On Friday (Jan. 27) President Trump signed an executive order that banned people from seven Muslim majority countries from entering the U.S. for 90 days and suspended Syrian refugees’ entry indefinitely. UT System Chancellor McRaven issued a statement in response to the controversial order
Many universities advised students not to leave the country without seeking counsel.
“The talents that brought them to UT are deeply valued, and their perspectives represent an essential part of the university,” UT President Gregory L. Fenves stated.
Omar Akram, a member of the UTSA Muslim Student Association discussed his views on this and the group’s plans to protest.
Interview conducted by Isaac Serna
I: Have you noticed heightened Islamophobia since the election?
O: Members of our MSA have certainly felt it and witnessed it since the election. You know, over the past couple of months two nearby mosques in in Texas have been set on fire and burned to the ground in acts of hate. And of course Muslims who are more visibly identified like women who wear hijabs and men who have full beards, are confronted with aggression.
I: Have you or your family been impacted by the rhetoric or recent executive orders Trump has signed into law?
O: If I need to travel overseas I definitely may face questioning like I have in the past at airports, Muslims who have dual citizenship or may not even be full citizens may feel more pressure than I do. My relatives abroad would have a much more difficult time coming here to visit our relatives. All of my grandparents, who are still alive, live in the United States. If anything happened to them healthwise, they have children who wouldn’t be able to see them.
I: Have you spoken to any of your family since the recent travel bans?
O: The extended family, not a whole lot other than through social media, but they often see the same things that we see in the media, and that’s kind of interesting because in other countries, like even in Pakistan for years, for generations, they have had such a great view of America as this land where you go to for opportunity. When immigrants come here they don’t have a bad view of America, they come here because they know they’ll have so many chances to improve their lives and do great things. That’s what America is known for, but just over the last couple of years the perception of America in a lot of countries has changed. A lot of people take America as the land of opportunity with a grain of salt now.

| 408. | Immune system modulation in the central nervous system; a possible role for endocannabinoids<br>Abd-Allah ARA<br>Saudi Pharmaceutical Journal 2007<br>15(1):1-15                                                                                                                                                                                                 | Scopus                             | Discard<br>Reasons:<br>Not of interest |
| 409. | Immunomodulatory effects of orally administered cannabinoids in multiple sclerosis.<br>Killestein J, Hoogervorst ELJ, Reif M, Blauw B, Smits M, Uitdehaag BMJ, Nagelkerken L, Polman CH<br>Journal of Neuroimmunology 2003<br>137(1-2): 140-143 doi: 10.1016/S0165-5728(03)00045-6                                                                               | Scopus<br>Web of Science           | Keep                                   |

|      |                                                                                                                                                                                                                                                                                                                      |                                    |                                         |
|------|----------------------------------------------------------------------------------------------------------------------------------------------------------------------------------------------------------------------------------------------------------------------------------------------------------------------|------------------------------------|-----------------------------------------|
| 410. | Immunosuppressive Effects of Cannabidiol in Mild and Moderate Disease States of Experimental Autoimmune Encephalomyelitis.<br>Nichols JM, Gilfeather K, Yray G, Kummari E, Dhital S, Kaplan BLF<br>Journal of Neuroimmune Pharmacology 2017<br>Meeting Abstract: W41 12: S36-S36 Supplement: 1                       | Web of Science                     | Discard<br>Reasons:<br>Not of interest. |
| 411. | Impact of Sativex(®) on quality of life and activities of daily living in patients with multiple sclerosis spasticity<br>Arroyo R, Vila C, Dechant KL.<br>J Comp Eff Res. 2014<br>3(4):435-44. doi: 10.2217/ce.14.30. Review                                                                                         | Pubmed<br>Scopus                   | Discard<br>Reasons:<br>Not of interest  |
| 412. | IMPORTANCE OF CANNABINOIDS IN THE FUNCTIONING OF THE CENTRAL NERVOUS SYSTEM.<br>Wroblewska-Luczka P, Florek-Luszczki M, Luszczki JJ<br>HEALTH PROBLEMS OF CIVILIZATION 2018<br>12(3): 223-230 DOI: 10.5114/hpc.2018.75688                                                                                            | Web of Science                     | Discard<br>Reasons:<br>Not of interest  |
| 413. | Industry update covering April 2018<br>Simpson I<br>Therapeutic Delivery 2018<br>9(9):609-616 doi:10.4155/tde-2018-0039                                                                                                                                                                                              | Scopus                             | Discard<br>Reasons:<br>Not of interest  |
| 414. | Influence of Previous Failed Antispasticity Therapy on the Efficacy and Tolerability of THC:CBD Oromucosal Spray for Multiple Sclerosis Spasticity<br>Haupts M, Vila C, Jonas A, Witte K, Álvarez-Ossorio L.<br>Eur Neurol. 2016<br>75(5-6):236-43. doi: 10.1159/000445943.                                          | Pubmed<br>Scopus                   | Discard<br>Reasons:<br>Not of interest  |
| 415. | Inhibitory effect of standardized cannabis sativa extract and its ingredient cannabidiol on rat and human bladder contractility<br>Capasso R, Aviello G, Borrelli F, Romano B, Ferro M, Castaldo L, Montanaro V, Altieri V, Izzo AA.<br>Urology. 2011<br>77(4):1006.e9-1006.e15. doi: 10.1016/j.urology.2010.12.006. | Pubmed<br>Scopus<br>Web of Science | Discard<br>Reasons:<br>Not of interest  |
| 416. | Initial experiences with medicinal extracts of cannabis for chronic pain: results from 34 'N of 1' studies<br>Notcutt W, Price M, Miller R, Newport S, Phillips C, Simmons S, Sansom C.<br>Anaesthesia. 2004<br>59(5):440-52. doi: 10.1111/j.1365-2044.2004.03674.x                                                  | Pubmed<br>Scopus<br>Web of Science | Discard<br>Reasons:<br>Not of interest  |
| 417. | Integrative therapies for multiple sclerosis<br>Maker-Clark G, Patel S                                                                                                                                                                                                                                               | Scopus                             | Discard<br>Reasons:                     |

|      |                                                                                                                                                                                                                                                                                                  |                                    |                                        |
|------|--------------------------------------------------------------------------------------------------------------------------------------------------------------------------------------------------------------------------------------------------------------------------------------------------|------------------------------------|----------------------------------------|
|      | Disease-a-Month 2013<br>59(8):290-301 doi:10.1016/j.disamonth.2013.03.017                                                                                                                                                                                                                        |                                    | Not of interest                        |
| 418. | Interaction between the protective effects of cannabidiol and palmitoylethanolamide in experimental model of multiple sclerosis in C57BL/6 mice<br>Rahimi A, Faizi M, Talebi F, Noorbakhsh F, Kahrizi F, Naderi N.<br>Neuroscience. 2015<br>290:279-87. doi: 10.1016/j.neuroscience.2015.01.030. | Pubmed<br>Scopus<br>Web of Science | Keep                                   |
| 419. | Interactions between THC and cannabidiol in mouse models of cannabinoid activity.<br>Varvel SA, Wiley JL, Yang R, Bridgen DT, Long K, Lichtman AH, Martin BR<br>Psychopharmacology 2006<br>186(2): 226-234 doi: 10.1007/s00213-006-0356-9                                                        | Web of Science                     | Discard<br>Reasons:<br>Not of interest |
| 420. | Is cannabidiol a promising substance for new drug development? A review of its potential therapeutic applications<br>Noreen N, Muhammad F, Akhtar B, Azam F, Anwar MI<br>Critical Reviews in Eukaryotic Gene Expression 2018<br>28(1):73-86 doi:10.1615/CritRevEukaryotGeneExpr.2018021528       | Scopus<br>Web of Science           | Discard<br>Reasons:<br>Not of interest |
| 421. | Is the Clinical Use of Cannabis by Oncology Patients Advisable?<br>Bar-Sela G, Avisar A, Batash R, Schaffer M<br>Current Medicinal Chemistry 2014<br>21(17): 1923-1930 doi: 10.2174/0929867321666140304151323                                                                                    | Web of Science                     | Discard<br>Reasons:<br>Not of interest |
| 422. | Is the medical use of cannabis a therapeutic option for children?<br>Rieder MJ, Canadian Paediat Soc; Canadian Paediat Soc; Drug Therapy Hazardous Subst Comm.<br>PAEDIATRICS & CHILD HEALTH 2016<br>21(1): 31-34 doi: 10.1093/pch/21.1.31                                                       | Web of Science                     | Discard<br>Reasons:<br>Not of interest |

I: How does the order affect the Muslim community?
O: The main response from the American Muslim community is one of fear. If a ban from seven Muslim majority countries that has never committed terrorist attacks in the United States has happened so quickly, what is going to happen within the next four years? This is just a start, and so the possibilities are limitless and it brings a lot of fear to a community that it just, it just is not justified.
I: Has the MSA done or (planned) anything to resist in response to Trumps orders?
O: MSA actually held a protest at the Sombrilla (Monday, 01/30).
I: How do you think that UTSA communities can help with this fear? Is there anything the community can do?
O: I don’t know if I necessarily have an answer to that. Sometimes, I feel like we’re at a standstill where our protests only speak to the people who already support our community, who already understand where we come from and the people that need to see these protests are the ones who don’t feel affected by it, you know, they can easily brush it off. In social media we live in echo chambers where the things that we say only reach people who already share our opinion, so I’ve definitely been asking myself what can I, as a college student, as an American citizen, do to make an impact on this issue.
I: Have any UTSA faculty members have expressed care or concern for the Muslim community in light of the order?
O: I am friends with UTSA faculty members on social media and it’s been really uplifting to see a lot of them post about their support of the Muslim community because professors can reach people who a lot of students can’t reach because of how many people they know and their different background. Seeing them use their positions of influence and their knowledge to support what is right and to support marginalized groups, it always makes us feel more hopeful about the situation.
I: What sort of reactions have you seen from your non-Muslim peers?
O: That’s probably the best byproducts of this whole situation is that I’ve been seeing students of literally every background voice their support of the Muslim community and of the immigrant community and of our refugees. Seeing white students, black students, Latino students, gay students, students of every community that you can imagine support Muslims on an issue that doesn’t even affect them, that sort of support is not only inspiring but also necessary because no marginalized group can fight their battle alone and I’ve definitely noticed that in the UTSA community there is support coming from every corner.